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STEVE CHIOTAKIS: BP may still have a dark cloud in the U.S. after after last year's oil spill in the Gulf of Mexico. But it still has important friends. And, possibly, a new best friend -- Russia. A $16 billion deal gives the oil giant almost 10 percent of Kremlin-controlled Rosneft. Which in turn takes a 5 percent share in BP.
Peter van Dyk reports from Moscow.
PETER VAN DYK: No international oil major is more deeply involved in Russia than BP, and after more than a decade of ups and downs, it knows the potential pitfalls all too well. But with the shadow of the Gulf of Mexico spill casting doubts about its ability to grow in the U.S., the unprecedented share swap may have been too good to refuse.
The deal effectively replaces -- at half the price -- the reserves BP sold to pay for the Gulf spill, and it gives the company access to billions of barrels of oil thought to lie beneath the Arctic Sea.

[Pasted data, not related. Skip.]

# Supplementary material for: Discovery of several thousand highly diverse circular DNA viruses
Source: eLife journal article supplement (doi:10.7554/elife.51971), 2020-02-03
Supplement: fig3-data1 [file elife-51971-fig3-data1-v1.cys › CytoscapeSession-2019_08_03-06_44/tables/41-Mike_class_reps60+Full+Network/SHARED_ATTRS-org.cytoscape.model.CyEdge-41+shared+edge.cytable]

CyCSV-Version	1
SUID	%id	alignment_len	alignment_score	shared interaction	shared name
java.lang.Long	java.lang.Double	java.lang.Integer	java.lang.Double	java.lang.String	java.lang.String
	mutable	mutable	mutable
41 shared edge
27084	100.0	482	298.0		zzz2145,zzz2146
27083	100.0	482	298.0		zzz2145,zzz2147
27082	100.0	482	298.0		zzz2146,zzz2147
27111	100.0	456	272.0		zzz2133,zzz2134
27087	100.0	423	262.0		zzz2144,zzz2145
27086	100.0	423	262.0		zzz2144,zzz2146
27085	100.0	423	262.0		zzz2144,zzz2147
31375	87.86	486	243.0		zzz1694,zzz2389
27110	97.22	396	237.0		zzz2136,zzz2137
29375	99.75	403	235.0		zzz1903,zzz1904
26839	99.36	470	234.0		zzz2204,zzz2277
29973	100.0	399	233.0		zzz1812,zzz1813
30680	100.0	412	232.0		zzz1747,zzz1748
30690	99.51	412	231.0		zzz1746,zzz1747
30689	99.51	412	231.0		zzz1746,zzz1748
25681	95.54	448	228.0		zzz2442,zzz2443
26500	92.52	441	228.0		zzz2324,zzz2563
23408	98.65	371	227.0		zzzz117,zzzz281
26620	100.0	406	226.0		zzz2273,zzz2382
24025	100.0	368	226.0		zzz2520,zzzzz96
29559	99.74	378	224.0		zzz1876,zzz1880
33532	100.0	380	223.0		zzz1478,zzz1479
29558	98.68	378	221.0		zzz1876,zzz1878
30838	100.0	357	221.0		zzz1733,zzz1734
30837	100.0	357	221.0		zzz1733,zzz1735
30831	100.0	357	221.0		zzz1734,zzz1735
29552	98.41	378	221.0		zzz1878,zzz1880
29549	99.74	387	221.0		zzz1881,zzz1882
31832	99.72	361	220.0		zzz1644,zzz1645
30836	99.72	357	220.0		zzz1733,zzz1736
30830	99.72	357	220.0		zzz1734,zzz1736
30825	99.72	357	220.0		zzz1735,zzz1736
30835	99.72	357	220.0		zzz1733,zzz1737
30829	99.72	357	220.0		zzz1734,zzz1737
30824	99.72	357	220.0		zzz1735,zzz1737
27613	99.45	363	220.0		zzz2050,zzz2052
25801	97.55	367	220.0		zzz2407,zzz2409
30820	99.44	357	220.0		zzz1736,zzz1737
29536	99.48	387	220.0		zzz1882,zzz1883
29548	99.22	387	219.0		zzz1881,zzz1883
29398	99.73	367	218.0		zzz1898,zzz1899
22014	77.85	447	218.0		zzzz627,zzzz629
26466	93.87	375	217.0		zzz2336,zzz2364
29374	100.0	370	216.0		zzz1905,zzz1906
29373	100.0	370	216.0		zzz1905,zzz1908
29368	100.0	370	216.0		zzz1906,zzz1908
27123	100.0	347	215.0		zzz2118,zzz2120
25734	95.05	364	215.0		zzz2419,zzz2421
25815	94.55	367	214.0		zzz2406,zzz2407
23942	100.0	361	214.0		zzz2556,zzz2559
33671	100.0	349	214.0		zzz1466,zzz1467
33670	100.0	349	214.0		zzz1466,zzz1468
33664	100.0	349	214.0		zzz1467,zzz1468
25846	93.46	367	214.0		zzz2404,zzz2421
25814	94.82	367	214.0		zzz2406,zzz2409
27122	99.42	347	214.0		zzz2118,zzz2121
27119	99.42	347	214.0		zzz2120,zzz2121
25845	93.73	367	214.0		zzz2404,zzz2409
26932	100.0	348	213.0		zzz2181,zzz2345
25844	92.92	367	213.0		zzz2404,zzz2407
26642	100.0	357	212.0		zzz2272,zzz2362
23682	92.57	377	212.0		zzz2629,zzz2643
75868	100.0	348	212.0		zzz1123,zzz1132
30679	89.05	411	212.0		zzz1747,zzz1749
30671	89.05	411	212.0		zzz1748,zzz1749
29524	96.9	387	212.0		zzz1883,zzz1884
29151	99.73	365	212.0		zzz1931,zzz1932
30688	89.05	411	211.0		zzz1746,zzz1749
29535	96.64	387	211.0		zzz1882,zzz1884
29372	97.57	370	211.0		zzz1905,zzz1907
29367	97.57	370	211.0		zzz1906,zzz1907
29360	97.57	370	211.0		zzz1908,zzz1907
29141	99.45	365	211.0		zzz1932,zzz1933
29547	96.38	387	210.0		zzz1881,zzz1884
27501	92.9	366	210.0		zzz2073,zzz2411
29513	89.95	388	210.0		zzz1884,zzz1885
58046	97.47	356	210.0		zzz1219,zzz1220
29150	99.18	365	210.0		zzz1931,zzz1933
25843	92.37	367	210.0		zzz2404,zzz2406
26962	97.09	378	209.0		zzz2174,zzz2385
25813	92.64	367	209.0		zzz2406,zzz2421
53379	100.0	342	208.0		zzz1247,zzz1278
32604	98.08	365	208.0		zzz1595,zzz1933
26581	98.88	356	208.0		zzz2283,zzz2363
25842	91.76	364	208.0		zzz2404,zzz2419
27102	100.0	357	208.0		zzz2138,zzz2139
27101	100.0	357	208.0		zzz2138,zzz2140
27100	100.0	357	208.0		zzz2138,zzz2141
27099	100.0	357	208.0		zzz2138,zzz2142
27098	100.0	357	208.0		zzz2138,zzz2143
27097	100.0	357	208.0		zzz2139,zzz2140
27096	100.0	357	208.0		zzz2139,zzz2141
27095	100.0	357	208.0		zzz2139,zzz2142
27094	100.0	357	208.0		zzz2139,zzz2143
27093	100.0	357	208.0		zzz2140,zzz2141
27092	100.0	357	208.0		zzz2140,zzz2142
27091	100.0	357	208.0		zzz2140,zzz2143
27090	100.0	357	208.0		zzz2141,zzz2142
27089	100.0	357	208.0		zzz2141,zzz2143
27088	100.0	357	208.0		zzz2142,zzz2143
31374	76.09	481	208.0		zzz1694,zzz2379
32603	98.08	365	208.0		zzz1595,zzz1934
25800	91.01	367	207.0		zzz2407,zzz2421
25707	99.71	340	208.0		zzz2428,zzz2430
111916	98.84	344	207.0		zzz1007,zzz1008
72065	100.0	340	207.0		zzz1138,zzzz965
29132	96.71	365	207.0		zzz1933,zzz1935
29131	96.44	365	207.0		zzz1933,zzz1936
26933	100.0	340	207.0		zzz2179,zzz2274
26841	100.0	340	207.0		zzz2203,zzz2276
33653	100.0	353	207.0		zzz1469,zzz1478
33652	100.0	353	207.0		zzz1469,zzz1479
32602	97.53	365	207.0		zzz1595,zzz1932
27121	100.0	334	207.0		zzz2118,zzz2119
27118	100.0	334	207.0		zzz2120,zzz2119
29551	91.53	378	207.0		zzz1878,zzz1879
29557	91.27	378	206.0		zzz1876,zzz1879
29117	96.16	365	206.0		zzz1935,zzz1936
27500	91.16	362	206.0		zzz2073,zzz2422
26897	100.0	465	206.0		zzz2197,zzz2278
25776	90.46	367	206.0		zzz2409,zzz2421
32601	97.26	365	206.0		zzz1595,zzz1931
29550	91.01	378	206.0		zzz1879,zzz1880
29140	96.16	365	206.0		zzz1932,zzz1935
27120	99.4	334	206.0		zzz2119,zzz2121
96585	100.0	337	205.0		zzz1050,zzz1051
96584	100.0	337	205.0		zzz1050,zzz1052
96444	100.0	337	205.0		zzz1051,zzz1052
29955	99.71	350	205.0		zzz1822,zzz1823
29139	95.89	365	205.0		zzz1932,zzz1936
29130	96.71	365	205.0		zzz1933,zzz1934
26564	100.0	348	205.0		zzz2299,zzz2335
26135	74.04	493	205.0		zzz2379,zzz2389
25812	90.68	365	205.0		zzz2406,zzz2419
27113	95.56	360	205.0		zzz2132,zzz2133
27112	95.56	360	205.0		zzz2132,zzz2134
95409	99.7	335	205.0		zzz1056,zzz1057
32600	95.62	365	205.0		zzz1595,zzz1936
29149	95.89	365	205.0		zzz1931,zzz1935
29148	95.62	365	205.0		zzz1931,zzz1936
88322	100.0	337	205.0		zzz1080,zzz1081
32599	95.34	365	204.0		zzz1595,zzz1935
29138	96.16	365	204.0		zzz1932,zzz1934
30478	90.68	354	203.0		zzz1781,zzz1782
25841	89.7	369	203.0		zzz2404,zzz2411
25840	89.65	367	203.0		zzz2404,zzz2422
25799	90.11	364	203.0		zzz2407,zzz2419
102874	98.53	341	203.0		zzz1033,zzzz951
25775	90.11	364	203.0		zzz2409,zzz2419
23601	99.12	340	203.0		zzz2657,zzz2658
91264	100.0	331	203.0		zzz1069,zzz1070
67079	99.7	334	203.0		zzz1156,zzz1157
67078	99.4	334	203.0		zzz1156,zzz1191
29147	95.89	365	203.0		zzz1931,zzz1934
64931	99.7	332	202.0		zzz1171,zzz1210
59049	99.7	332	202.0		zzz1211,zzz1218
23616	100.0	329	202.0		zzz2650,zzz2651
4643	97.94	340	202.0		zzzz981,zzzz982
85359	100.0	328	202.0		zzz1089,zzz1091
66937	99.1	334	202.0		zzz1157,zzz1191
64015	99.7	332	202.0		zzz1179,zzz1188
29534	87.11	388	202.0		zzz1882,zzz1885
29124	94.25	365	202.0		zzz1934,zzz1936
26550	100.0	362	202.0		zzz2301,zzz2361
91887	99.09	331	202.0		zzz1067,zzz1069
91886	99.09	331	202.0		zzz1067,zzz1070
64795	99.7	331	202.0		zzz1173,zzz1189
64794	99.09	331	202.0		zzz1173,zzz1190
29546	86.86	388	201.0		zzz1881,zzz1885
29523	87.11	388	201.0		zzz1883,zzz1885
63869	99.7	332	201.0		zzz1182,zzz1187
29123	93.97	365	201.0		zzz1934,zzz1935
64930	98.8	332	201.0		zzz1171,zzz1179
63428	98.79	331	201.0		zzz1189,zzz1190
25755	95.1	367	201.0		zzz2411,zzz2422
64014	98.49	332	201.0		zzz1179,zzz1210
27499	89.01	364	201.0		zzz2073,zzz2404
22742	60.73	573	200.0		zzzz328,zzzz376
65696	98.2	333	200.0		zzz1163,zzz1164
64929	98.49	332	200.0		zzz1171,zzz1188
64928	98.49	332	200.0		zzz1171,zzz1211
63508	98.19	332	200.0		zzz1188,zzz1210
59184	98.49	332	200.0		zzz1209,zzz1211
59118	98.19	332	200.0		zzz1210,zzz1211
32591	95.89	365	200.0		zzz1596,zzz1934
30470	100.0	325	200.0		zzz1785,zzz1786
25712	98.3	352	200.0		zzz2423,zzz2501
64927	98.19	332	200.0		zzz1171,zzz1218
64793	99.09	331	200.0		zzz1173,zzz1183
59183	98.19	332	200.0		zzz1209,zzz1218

Ivan Mazalov of Prosperity Capital Partners brokerage in Moscow says BP had little choice.
IVAN MAZALOV: In the United States, which is the most important part of the world for BP, BP was rather burnt recently. I think that BP may have had to reevaluate their strategic priorities and put more emphasis on diversification from the United States even.
BP's CEO denies his company is running away from the U.S., which accounts for a quarter of its oil and 40 percent of its profits. But lawmakers in Washington have raised fears over national security concerns. One says the company once known as British Petroleum should now be called Bolshoi Petroleum.
For Marketplace, I'm Peter van Dyk in Moscow.